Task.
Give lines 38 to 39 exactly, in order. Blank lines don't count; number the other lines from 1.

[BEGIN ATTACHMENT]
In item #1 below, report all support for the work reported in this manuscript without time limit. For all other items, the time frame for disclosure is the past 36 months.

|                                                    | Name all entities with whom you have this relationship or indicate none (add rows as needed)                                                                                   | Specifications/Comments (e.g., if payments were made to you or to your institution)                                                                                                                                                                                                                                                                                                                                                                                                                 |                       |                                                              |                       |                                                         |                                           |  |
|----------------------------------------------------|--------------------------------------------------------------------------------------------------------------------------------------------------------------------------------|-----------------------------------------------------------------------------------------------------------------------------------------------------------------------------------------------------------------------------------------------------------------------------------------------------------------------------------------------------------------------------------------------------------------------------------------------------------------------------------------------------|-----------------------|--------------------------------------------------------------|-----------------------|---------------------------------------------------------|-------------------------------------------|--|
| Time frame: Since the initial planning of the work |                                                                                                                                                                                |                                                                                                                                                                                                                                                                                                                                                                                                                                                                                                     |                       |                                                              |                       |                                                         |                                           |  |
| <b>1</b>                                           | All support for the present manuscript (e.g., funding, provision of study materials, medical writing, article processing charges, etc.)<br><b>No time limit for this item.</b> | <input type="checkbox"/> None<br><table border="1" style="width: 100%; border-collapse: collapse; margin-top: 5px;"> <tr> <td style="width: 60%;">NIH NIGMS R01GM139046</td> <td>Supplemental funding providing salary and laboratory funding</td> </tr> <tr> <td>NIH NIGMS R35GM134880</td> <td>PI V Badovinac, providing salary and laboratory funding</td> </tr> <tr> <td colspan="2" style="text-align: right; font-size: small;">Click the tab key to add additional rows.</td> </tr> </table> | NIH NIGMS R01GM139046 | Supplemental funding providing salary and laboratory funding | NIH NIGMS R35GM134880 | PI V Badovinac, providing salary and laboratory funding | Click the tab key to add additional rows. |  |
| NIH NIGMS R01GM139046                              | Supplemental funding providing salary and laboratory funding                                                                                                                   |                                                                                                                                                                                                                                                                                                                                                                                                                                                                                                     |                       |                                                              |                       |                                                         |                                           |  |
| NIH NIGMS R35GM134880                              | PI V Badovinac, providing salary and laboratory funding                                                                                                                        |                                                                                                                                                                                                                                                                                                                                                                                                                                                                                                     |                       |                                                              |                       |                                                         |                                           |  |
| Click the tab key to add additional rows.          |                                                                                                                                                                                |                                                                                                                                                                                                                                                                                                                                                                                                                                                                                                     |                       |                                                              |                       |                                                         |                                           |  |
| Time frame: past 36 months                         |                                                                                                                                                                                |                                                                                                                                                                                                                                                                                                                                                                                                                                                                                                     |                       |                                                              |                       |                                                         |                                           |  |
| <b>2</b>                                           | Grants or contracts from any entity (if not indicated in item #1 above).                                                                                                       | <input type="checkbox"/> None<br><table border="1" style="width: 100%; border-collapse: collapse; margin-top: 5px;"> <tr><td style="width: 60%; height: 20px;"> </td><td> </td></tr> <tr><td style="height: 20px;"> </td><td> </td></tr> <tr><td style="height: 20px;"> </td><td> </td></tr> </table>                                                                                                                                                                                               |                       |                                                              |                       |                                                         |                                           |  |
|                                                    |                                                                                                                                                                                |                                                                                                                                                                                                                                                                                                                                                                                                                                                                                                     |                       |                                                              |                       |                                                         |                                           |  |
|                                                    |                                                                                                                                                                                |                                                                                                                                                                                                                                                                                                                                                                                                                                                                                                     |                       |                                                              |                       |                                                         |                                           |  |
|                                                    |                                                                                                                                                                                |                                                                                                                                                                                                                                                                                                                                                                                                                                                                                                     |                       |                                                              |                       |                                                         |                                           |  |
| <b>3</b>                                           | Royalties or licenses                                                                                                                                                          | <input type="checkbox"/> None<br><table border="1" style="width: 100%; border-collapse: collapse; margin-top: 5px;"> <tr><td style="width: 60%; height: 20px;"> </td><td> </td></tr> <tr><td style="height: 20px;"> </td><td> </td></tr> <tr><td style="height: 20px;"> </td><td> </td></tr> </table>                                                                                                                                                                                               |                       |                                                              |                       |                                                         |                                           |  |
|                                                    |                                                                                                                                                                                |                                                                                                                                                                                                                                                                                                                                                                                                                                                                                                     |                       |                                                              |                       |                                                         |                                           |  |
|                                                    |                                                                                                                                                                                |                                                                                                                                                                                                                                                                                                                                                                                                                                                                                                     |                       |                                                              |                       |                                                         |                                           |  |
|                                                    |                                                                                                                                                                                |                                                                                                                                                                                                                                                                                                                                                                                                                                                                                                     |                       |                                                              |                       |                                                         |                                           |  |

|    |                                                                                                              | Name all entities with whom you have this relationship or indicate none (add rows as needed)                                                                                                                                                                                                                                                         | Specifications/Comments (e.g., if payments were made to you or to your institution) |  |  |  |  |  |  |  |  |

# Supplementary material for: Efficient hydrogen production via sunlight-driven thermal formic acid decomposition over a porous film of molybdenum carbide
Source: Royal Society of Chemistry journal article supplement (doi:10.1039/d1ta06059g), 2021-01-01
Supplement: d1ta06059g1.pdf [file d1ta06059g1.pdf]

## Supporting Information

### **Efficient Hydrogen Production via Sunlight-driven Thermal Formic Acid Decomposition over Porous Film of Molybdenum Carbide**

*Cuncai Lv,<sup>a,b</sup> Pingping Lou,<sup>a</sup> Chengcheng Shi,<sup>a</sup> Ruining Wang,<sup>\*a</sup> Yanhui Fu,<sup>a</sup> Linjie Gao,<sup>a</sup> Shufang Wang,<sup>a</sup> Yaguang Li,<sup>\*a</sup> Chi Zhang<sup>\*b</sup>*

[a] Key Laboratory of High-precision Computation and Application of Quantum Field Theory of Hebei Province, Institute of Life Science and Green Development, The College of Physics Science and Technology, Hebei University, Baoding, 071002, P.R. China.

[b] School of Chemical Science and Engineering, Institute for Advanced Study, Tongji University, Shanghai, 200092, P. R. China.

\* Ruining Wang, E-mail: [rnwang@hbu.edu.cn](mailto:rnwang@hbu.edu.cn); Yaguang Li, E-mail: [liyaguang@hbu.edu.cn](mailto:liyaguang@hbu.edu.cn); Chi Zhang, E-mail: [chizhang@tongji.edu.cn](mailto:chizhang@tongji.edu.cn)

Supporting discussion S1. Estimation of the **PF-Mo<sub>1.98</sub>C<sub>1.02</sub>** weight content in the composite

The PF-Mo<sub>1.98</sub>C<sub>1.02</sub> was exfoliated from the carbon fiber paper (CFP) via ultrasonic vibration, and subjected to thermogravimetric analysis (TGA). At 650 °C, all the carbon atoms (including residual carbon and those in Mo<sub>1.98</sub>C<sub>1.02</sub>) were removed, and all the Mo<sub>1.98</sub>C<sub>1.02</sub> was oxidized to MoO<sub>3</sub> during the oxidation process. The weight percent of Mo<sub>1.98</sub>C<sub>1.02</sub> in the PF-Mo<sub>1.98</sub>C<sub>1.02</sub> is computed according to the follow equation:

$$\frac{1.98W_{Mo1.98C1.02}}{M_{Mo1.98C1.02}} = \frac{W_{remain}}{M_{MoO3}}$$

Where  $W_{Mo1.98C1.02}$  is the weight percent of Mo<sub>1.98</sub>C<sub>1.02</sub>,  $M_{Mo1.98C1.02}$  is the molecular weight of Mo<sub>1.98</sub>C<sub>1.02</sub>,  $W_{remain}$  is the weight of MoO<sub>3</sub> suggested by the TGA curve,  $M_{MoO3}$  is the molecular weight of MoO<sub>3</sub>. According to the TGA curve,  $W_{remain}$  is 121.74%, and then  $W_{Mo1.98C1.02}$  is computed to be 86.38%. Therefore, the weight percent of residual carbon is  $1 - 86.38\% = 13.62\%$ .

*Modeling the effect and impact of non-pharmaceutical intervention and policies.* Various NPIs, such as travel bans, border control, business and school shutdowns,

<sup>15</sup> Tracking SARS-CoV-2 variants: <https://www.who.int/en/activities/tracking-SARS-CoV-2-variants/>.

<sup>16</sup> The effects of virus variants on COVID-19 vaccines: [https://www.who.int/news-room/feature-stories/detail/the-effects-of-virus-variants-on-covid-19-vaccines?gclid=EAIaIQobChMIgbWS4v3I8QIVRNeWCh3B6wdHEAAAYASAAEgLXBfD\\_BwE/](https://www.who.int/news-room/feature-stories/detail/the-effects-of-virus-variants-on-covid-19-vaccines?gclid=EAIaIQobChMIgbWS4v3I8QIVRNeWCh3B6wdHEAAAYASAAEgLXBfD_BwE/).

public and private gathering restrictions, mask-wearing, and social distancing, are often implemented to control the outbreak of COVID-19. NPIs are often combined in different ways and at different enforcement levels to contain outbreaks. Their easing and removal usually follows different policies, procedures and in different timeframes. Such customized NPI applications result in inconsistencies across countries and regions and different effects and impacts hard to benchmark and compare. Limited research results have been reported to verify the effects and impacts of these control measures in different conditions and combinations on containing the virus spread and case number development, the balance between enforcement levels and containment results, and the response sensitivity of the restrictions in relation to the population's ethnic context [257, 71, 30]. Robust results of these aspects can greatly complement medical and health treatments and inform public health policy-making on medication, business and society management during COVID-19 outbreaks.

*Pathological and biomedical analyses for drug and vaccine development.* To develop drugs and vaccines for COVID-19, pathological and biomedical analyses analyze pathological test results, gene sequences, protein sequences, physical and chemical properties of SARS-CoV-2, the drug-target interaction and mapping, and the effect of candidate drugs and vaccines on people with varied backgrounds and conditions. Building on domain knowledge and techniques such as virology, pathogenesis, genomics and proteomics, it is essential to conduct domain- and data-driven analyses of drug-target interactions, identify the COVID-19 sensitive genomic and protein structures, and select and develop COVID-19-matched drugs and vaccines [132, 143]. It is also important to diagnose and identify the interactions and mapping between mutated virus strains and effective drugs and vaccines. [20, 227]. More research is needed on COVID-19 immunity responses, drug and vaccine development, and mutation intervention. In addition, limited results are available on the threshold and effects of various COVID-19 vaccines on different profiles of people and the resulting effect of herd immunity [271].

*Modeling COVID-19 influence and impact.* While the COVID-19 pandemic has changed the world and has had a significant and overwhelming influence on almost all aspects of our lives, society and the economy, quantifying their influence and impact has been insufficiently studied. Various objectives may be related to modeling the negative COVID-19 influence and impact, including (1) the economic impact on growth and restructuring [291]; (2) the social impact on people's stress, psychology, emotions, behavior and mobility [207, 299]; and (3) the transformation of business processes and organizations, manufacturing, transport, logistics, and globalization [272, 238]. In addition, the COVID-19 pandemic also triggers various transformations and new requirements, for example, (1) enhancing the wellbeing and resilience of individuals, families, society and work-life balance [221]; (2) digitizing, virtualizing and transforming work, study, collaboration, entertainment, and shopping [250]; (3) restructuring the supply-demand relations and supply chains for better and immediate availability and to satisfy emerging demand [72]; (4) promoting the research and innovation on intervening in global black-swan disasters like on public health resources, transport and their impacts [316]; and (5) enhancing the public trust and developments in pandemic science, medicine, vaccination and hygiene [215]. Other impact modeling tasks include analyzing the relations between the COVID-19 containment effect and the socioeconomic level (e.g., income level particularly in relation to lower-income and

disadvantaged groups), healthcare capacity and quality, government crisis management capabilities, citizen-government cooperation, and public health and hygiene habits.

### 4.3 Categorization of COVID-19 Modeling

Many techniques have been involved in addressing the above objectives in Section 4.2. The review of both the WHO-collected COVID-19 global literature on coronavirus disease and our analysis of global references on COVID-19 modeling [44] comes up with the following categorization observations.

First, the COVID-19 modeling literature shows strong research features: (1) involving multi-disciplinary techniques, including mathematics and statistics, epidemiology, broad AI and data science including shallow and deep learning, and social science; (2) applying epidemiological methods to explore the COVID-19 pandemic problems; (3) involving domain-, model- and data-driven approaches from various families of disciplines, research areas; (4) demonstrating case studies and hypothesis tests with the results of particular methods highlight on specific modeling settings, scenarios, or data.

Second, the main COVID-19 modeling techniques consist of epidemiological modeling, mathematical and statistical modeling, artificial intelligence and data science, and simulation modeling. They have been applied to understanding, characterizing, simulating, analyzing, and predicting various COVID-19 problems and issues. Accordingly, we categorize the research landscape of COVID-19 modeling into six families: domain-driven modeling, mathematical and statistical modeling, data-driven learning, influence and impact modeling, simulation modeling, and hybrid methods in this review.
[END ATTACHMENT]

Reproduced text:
disadvantaged groups), healthcare capacity and quality, government crisis management capabilities, citizen-government cooperation, and public health and hygiene habits.

### 4.3 Categorization of COVID-19 Modeling